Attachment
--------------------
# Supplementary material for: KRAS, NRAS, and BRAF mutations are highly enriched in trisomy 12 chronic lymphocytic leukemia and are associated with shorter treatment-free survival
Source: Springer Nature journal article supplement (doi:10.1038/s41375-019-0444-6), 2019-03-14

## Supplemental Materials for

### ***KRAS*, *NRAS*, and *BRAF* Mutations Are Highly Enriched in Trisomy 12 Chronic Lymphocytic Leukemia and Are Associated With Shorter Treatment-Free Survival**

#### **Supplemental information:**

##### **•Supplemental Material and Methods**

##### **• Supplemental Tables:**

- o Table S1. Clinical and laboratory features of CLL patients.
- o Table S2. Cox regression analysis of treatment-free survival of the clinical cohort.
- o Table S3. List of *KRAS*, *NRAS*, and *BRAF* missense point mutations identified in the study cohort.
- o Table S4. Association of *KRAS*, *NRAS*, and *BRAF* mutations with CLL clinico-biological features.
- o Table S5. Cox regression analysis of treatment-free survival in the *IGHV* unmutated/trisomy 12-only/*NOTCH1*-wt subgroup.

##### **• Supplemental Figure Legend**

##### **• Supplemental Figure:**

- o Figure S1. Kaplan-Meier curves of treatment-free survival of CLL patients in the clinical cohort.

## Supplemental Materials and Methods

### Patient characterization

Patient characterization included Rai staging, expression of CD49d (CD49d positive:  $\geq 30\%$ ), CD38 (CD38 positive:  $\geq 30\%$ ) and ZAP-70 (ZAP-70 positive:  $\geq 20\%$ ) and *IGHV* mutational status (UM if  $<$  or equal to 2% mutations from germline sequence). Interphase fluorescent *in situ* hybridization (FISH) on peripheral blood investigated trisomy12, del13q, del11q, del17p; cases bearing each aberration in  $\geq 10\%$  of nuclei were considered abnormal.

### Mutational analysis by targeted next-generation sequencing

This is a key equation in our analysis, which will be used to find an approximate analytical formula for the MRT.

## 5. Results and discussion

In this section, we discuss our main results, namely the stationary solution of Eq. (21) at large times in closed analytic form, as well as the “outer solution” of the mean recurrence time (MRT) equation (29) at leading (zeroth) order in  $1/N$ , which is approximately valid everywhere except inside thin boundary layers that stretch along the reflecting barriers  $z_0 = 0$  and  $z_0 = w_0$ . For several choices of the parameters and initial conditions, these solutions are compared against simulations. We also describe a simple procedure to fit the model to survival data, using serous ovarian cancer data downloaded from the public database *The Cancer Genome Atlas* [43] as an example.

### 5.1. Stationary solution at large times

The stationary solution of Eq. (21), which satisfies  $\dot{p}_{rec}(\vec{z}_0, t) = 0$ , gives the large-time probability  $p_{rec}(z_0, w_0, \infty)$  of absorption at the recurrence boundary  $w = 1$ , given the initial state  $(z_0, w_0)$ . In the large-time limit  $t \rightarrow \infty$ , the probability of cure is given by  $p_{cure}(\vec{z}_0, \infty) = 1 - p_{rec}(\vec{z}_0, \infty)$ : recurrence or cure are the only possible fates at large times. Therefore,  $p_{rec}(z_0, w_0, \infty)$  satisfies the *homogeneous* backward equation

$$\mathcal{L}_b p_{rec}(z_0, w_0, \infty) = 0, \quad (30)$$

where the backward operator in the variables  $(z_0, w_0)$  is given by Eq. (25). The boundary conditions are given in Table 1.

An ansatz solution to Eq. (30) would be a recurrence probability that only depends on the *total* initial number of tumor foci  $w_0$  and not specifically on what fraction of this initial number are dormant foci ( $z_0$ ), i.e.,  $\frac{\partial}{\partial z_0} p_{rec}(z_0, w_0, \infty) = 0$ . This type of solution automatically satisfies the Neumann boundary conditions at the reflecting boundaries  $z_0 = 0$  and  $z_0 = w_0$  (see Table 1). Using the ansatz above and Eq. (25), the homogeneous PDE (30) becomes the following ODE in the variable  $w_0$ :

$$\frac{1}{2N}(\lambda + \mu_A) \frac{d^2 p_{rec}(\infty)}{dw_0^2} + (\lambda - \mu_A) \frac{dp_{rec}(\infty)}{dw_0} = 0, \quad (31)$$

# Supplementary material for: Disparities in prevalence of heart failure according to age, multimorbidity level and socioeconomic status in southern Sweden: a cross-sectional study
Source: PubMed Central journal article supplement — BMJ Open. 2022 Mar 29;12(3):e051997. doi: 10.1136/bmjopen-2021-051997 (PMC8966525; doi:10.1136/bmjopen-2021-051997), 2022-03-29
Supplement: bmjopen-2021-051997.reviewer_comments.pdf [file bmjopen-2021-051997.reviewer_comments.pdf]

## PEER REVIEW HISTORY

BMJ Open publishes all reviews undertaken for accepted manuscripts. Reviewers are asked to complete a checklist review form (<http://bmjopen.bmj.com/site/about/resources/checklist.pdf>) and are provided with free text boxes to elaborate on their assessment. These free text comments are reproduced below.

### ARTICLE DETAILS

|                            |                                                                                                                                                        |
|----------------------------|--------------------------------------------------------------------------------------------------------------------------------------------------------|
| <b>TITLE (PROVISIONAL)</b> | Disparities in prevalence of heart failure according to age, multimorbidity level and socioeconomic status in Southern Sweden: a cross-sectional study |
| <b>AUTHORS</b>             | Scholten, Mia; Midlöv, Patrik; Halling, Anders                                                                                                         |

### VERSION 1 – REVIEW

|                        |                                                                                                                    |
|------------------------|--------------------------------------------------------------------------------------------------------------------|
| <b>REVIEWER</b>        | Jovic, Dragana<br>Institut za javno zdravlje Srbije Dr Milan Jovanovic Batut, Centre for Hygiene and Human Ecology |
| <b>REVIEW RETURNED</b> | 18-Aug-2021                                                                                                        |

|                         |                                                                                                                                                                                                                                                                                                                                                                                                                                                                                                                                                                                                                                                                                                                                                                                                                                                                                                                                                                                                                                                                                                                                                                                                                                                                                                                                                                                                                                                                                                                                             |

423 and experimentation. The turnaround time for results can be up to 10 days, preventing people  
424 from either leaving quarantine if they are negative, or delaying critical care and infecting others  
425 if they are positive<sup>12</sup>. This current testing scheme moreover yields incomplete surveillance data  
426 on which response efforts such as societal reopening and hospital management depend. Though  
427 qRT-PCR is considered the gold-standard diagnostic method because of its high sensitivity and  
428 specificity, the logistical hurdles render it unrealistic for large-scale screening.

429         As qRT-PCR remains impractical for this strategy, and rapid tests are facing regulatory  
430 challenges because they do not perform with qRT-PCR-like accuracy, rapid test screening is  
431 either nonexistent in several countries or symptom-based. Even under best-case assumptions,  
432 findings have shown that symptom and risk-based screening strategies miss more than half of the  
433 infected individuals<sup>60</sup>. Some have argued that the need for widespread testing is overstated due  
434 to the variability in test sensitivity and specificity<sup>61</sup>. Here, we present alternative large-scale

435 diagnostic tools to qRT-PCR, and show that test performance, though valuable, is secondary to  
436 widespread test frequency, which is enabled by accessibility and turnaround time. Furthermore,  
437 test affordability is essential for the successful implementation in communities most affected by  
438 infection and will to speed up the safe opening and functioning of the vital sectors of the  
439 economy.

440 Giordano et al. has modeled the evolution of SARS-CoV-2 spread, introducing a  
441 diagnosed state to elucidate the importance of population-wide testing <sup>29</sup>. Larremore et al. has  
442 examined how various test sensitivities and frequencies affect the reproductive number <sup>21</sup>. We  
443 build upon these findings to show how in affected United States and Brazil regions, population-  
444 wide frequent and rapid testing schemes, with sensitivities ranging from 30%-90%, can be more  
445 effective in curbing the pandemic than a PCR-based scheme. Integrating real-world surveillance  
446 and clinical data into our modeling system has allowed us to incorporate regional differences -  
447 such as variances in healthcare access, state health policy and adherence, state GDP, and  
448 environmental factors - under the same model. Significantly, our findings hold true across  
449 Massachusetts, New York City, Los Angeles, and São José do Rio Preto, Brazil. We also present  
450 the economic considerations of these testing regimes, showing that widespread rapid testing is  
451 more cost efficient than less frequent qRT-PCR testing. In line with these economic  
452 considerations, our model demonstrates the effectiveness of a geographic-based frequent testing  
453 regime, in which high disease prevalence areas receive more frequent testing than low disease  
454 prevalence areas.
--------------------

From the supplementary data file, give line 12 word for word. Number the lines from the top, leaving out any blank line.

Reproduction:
- o Table S5. Cox regression analysis of treatment-free survival in the *IGHV* unmutated/trisomy 12-only/*NOTCH1*-wt subgroup.